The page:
Senate Republican leaders released their draft of a bill to repeal and replace the Affordable Care Act (Obamacare) June 22, and immediately stakeholders began to weigh in on its implications, including practitioner groups and patient advocates.
Providing a rationale for the legislation, Senate Majority Leader Mitch McConnell (R-Kentucky) said on the Senate floor, “Republicans believe we have a responsibility to act and we are. For our constituents, for our states, and for our country.”
The Senate plan in many aspects is like the American Health Care Act passed by the US House of Representatives May 4 in a 217-213 vote. However, the Senate bill, called the Better Care Reconciliation Act of 2017 (BCRA), would factor in age, income and geography when determining financial assistance to help individuals pay their premiums, whereas the House version did not include income in this calculation.
Both the House and Senate versions propose deep cuts to Medicaid and would phase out Obamacare’s expansion of the program, although the Senate version would phase the expansion out on a slower timetable; both bills would also convert Medicaid to a block grant program.
Other ways the Senate bill differs from Obamacare include repeal of the mandates that individuals carry health insurance and that employers with 50 or more employees provide it. Additionally, where the ACA allowed insurers to charge a maximum of 3 times their lowest rate to older consumers, this bill changes that age rating to 5-1―meaning insurers would be able to charge older adults up to 5 times what they are charging younger adults.
Holdover protections the Senate retained from Obamacare are the provisions allowing individuals to remain on their parents’ health insurance through age 26 and preventing exclusion based on preexisting conditions. The Senate bill does not include stipulations which allow states to charge individuals more based on preexisting conditions, which the House bill included. However, it does grant states more flexibility in deciding the rules of insurance in their state.
Also, funding for cost-sharing reduction payments, which decrease the out-of-pocket costs for some low-income individuals, will continue through 2019.
In a statement June 20, McConnell stated that Obamacare trends are unsustainable and his chamber’s legislation to repeal and replace the law is necessary due to the instability of the insurance market, leading to higher costs and less choices for many consumers.
Senate Minority Leader Charles E. Schumer (D-New York), however, countered that these proposed changes, “will result in higher costs, less care, and millions of Americans will lose their health insurance, particularly through Medicaid.”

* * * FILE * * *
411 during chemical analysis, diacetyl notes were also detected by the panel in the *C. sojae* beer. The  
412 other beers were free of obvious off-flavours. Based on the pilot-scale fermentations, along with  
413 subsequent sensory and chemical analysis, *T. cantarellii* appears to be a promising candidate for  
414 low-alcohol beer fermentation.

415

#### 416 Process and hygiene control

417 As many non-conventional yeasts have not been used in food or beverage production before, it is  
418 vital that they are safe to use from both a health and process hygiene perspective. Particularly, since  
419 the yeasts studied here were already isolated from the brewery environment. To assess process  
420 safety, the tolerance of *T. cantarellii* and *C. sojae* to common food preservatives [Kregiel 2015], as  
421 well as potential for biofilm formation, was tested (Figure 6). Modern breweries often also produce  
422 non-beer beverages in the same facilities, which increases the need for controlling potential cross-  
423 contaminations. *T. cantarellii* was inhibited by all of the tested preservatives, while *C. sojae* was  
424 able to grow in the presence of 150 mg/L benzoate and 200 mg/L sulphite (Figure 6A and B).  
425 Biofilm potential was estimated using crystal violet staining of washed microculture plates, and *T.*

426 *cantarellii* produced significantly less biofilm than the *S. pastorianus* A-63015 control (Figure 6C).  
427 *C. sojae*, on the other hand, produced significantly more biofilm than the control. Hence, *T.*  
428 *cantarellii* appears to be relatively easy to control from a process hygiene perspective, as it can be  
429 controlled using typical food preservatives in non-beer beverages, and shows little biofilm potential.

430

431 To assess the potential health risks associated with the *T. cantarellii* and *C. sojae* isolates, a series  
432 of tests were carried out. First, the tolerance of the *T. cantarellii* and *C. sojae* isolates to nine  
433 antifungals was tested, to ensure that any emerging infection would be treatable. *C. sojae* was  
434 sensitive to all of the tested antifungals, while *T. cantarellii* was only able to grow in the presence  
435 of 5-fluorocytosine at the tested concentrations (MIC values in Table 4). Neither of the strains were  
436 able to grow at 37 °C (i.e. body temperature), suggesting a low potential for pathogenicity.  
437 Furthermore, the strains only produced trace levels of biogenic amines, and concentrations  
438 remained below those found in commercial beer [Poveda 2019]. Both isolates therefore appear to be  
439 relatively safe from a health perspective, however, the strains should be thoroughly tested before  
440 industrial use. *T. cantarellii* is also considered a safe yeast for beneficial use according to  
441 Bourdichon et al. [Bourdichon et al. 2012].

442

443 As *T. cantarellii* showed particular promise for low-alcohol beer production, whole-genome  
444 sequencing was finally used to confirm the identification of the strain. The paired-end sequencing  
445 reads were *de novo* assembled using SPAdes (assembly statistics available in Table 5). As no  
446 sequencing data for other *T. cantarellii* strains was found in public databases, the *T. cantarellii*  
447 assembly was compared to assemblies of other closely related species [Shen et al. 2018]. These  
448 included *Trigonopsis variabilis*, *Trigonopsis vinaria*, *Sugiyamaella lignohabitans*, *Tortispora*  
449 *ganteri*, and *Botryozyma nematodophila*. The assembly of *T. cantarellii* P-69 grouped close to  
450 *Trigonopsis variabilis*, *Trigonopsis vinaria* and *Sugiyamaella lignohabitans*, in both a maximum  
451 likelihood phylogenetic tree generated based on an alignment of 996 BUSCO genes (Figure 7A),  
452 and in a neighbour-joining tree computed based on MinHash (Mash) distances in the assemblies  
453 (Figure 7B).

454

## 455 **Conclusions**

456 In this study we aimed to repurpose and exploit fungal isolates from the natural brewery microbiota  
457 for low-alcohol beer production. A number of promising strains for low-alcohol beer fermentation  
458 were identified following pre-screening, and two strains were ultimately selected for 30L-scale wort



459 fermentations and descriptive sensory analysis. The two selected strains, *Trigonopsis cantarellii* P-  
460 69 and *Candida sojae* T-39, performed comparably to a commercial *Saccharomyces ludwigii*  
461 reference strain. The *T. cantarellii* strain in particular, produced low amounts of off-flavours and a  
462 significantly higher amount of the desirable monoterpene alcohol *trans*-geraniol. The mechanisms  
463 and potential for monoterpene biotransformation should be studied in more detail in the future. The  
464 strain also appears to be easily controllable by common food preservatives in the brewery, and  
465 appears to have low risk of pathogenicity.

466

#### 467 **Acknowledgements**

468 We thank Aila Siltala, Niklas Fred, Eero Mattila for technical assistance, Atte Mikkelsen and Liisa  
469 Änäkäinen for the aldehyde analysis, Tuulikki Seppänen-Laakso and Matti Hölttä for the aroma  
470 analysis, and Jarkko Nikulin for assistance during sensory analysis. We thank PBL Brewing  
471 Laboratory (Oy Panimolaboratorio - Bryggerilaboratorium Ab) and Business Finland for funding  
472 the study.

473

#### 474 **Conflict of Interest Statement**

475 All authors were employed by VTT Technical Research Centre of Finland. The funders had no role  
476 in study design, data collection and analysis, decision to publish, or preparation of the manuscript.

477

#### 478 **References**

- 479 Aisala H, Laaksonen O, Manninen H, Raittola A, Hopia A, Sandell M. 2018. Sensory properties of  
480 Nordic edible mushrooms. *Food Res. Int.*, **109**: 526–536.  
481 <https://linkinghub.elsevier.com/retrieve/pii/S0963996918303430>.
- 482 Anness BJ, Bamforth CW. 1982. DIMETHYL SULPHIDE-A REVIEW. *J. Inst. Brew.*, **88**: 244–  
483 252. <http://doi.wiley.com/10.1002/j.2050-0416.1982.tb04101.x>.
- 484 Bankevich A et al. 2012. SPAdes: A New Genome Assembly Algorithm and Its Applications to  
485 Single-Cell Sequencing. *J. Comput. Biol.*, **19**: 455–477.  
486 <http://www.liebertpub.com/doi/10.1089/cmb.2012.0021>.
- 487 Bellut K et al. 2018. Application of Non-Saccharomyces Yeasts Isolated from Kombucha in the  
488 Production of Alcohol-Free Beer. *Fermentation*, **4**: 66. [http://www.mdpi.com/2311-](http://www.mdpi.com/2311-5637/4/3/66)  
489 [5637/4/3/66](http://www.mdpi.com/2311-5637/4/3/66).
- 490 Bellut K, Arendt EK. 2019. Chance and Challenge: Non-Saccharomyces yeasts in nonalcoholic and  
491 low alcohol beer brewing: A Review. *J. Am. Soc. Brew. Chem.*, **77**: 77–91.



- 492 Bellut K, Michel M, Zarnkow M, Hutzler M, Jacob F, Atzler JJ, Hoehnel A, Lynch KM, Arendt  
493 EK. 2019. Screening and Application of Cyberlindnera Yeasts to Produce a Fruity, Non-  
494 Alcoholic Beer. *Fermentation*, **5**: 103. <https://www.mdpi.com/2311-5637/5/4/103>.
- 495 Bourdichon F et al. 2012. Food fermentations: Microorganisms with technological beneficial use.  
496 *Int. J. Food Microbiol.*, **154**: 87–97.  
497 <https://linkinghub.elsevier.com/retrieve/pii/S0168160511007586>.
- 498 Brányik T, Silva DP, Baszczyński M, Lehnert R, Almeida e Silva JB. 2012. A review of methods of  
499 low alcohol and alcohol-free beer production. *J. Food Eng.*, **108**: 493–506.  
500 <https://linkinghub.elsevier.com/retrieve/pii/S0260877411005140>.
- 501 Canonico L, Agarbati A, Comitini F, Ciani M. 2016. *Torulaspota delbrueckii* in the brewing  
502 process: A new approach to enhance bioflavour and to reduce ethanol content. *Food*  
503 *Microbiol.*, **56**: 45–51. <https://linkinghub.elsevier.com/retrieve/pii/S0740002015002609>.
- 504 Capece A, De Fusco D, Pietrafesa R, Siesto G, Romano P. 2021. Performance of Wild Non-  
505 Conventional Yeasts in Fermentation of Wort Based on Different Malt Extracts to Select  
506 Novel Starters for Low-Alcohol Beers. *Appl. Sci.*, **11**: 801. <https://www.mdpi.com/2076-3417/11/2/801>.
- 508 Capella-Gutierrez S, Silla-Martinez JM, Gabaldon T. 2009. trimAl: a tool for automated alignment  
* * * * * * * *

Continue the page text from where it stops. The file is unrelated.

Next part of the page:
The American Nurses Association (ANA) expressed its opposition to the bill at a press event with Senators Debbie Stabenow (D-Michigan), Maggie Hassan (D-New Hampshire) and Jeff Merkley (D-Oregon) along with nurses from Michigan, Ohio, Pennsylvania, West Virginia, Maryland, and Virginia, including ANA President Pam Cipriano, PhD, RN, NEA-BC, FAAN.
At that event, Cipriano stated, “The Senate’s healthcare proposal would be disastrous for our nation’s most vulnerable. We will not be fooled. This is not a promise kept. This is a promise broken. This proposal is heartless. We are nurses and we are worried about our patients. We will not stop fighting for them. We can—and must—do better.”
The American Society of Clinical Oncology (ASCO) also issued a statement June 22 in opposition to the bill: “We are disappointed that the legislation fails to meet our guiding principles for healthcare reform by halting Medicare expansion, reinstating annual and lifetime coverage caps, and cutting coverage for essential health benefits including cancer screening. These provisions are critical to providing high-quality cancer care in this country and lead to even greater state-by-state disparities in the delivery of care.”
Following release of the Senate draft legislation, the National Coalition of Cancer Survivorship posted on twitter, “Health care legislation should improve our health care system, increasing access and affordability to quality health care for the American people, and should be negotiated (as all bills should) in an open and democratic process”; in an email alert, the NCCS urged survivors to contact their senators with concerns about the just-released bill.
The Senate is expected to vote on its version next week before the July 4th recess. The Washington Post
reported June 23 that currently 9 Republican senators have indicated opposition to or concerns about the bill as it stands. There is only room for 2 Republicans to vote no; any more, and the bill would not have the numbers to pass without any Democratic support.
The Congressional Budget Office (CBO) is also expected to “score” the Senate bill early next week to provide an estimate of its cost and overall impact on coverage. CBO’s projection of the number of uninsured under the House version of the repeal and replace bill was that 23 million more Americans would be uninsured by 2026 compared with current law.